“Art is not what you see, but what you make others see.” ― Edgar Degas
Research on internal armed conflict focuses on insurgent groups and state security forces. However, in recent years, scholars have started to investigate the important role that other non-state actors play during and after violent conflict. Civilian groups, labor unions, businesses, NGOs, and journalists are just a few examples of non-state actors that affect security outcomes tied to conflict. One particular category of actor that merits additional attention is that of artists. How can art affect the trajectory of armed conflict? What role does art play in “post-conflict” societies? How can art affect change in contemporary social conflicts? During recent fieldwork in Peru I had the opportunity to speak with painters, artisans, musicians, and theatre groups to investigate the intersection of art and politics.
Art during and after conflict
Art is a form of creative expression that requires interpretation and invites contemplation. Art might serve as a mobilizing force and facilitate violent action during conflict. States and militant groups alike use propaganda to articulate ideologies and communicate political objectives. Collective actors can use artistic expression to define and reinforce particular social identities. Art can facilitate violence when it helps foster nationalism or dehumanize an enemy. For example, in the case of Peru, the Shining Path painted graffiti and murals in public spaces to share political messages. Shining Path militants used theatre and folk songs in remote Andean villages to indoctrinate and mobilize community members in the early years of the conflict.
Art can also serve as an important tool for peace and can foster nonviolence during and after armed conflict. Underground music movements in Lima criticized Sendero violence and denounced state human rights abuses. Painters organized exhibitions to champion peace and reconciliation. Armed conflict and increasingly authoritarian politics in Peru eventually gave way to memory and truth projects during the early 2000s. Art helped to articulate experiences in war and served as a tool of remembrance. The Peruvian Truth and Reconciliation Commission (CVR) encouraged the public to revisit the past and confront the horror and atrocity from the conflict period of 1980 to 2000. As part of this process the CVR collected thousands of testimonies as well as photographic materials. The Commission released a final report and established a permanent photography exhibition at the National Museum in Lima called Yuyanapaq (to remember).
Artists, activists, and academics collaborated on other projects to invite reflection and to increase public awareness about the violent period. Installations like the “Eye that Cries” and the soon-to-open “Place of Memory” commemorate victims of violence. The Peruvian government, NGOs, and artists also encouraged communities to investigate and remember their own experiences through ethnographic drawings or traditional artistic media like tablas, retablos, or arpilleras. These works of “folk” art depict massacres and other attacks perpetrated by militants and the state security forces. Art helped to facilitate public engagement with the recent national trauma.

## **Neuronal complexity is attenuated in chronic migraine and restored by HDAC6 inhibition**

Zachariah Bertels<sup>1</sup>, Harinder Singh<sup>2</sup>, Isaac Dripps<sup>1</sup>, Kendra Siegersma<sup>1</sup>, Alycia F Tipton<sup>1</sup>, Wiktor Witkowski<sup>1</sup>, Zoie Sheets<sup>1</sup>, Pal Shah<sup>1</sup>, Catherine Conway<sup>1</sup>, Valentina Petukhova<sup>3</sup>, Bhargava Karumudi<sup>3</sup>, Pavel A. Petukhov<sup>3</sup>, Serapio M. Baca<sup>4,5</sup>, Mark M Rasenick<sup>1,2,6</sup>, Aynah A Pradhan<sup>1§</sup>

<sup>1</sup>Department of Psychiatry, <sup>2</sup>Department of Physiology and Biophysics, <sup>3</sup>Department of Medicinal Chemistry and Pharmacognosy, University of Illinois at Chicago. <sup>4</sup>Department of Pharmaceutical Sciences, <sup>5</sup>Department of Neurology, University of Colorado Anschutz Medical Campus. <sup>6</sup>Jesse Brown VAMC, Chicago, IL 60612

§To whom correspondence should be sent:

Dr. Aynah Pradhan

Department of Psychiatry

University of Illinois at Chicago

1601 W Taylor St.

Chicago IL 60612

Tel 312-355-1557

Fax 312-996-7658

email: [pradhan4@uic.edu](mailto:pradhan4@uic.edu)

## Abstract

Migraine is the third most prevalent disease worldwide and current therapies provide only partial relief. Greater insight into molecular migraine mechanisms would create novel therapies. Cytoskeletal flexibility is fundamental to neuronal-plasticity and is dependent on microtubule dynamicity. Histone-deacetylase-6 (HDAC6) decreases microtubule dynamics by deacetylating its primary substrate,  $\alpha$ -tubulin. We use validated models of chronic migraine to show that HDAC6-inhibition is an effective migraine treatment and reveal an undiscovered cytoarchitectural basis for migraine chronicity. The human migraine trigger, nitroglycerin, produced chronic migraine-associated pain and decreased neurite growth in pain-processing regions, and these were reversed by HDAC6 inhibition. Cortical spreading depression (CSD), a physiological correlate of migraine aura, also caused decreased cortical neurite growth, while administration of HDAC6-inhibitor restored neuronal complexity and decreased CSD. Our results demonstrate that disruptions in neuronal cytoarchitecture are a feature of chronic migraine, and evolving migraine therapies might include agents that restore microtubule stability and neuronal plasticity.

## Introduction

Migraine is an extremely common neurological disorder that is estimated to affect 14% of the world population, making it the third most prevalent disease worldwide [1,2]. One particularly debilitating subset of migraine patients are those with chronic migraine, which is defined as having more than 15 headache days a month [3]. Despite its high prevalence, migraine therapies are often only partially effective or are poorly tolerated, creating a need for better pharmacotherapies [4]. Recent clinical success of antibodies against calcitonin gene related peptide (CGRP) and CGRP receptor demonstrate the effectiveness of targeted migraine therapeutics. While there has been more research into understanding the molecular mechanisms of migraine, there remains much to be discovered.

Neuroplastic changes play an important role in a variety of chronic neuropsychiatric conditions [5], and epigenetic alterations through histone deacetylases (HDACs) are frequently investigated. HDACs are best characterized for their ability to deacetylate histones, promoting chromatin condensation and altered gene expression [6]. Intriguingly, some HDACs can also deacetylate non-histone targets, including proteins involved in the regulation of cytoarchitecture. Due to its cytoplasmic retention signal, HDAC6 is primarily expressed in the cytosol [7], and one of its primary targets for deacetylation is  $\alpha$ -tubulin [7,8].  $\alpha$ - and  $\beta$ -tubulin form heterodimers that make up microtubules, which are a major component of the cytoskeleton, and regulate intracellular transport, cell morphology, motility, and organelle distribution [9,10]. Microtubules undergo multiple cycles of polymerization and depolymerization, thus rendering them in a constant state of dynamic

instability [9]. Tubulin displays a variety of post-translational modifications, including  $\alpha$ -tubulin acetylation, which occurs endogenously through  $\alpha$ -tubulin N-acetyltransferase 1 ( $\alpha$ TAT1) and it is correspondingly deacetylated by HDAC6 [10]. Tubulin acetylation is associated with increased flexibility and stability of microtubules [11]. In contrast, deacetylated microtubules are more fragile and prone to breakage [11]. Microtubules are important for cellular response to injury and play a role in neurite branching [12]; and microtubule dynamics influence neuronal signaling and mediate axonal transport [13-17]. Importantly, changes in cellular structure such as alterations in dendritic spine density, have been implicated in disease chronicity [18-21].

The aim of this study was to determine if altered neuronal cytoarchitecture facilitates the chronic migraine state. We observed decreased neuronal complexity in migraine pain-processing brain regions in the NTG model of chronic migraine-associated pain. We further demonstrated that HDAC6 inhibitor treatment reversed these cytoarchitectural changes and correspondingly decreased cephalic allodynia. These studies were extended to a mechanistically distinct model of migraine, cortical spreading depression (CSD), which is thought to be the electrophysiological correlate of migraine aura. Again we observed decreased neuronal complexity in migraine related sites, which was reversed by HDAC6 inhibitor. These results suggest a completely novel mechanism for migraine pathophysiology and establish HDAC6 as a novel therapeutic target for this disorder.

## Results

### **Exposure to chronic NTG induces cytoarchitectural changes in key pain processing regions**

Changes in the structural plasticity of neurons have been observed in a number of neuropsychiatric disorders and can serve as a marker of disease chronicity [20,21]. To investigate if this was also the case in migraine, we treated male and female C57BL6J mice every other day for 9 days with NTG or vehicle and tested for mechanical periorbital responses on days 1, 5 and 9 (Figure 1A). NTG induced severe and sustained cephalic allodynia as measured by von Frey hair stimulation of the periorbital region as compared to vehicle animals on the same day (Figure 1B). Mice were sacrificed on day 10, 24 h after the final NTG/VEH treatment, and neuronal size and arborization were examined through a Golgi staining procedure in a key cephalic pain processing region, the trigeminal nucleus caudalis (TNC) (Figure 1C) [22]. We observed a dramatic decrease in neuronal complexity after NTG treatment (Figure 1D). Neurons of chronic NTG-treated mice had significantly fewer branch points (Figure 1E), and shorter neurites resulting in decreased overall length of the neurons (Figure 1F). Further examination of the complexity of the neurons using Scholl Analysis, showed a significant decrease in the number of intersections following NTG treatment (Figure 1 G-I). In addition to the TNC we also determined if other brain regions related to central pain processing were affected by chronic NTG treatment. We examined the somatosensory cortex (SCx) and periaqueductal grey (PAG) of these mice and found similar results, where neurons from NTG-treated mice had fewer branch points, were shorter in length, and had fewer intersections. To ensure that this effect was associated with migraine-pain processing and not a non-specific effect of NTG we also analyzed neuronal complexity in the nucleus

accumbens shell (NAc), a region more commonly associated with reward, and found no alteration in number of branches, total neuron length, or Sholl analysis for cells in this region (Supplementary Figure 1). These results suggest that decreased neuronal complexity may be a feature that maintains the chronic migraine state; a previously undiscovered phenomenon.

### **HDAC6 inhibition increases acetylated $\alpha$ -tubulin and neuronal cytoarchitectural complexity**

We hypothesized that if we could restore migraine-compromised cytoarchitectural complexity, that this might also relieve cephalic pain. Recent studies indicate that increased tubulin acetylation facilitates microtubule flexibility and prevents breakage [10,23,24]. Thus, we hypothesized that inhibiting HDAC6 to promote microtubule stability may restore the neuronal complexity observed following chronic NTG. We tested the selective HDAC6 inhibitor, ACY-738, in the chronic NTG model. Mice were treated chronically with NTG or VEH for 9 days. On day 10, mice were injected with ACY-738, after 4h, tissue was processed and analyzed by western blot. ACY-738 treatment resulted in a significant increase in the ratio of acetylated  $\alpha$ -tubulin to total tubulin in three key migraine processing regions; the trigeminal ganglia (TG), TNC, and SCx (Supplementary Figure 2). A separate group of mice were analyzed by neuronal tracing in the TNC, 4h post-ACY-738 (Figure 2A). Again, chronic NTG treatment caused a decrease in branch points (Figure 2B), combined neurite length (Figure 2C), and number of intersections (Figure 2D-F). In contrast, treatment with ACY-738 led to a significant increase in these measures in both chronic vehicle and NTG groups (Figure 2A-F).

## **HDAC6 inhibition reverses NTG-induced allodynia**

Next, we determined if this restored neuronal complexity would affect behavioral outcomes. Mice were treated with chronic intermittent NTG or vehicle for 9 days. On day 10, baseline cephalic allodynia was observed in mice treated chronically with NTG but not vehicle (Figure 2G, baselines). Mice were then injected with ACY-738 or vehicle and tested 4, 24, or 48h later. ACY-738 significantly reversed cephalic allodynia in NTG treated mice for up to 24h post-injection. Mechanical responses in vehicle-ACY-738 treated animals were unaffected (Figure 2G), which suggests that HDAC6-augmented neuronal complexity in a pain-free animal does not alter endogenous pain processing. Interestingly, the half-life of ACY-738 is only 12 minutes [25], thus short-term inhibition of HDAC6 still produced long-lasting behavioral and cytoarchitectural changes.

The renowned Yuyachkani theatre group also engaged with important political and social themes during the conflict. Members later accompanied the CVR to remote communities to help collect testimonies and communicate the Commission’s findings in “post-conflict” settings. After a recent performance of Yuyachkani’s critically acclaimed Sin Título, Técnica Mixta (Untitled, Mixed Media), I asked long-time director Miguel Rubio Zapata about the role of art in conflict and social change. He responded, “This is a question we always ask ourselves. In those years everyone thought the revolution was just around the corner, so we worked in coordination with parties at strikes and demonstrations. However, over time we began to think a little differently about power and started to work in micro-political spaces. We maintain a critical stance, responsive to individual communities, and the theatre itself was a means to change.”
Art and contemporary social conflict in Peru
The Vichama group in Villa el Salvador also worked with themes related to the conflict. At the height of violence near Lima, the Vichama theatre served as a positive force for change. During a conversation with director César Escuza Norero, he described the group’s work in the community alongside his close friend and nonviolent social activist Maria Elena Moyano. She was later murdered and blown up with dynamite in front of her children by Shining Path militants. Just days prior to Moyano’s death the director reluctantly promised Moyano that he would write a play about her efforts if anything happened to her. He recalled, “I told her I wouldn’t do it because she wasn’t going to die. She insisted and I made her the promise that I would do it. Days later they murdered her. We went through a very difficult period. The theatre was attacked two times. Many of my friends were arrested or wounded. It was hard, but we did the play. We followed through on the promise. I’ve never met a woman, a human being, so unafraid of death.” Today, Vichama continues to perform theatre that engages with pressing contemporary themes. The group’s most recent production raises awareness about the dangers of extractive industries, the exploitation of natural resources, and environmental degradation.